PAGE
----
13 April 2022
Like other European countries, Portugal has been receiving refugees from Ukraine. The government has implemented a system to document refugees so they can access healthcare and other services and to facilitate the process of their residency. However, this could be seen as unfair and could cause a division in society as other migrant groups have been waiting years for residence permits.
There has also been a very positive response among civil society in Portugal. Many Portuguese families have welcomed Ukrainian families, and companies have been offering jobs. Cross-sectoral support, however, has been lacking.
Portugal is also suffering from inflation, with prices rising every day. Inflation will affect Ukrainian refugees and vulnerable Portuguese families, leaving more and more in challenging circumstances. Situations like this underscore the need for continued advocacy for all children and families to have the environment and services they need, regardless of where they come from.
“Although emergency measures to receive Ukrainian refugees are necessary and important, thinking about and taking steps for the medium- and long-term inclusion of these children and families is of utmost importance. For instance, how can these children have adequate access to health and education if national services are already unable to meet the needs?” – Mafalda Lourenço, Fundação Nossa Senhora do Bom Sucesso, Portugal.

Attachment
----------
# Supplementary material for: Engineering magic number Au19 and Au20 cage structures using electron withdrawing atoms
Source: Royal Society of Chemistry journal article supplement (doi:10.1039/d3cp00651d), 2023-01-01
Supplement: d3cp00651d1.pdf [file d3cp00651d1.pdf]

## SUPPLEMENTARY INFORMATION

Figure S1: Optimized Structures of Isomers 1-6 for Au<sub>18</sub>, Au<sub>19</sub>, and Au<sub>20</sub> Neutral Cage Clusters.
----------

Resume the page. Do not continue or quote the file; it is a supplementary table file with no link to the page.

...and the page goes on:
So far, there has been very little evidence at the national level of the Child Guarantee in action in Portugal. Information about the national action plan has been scant and difficult to access. After the national legislative elections last January, the new government took office at the end of March 2022. Ms. Ana Mendes Godinho remains Minister of Labour, Solidarity, and Social Security, who oversees the National Coordinator for the Child Guarantee. Fundação Nossa Senhora do Bom Sucesso believes that the conditions of political stability are in place to move ahead quickly with the pending matter.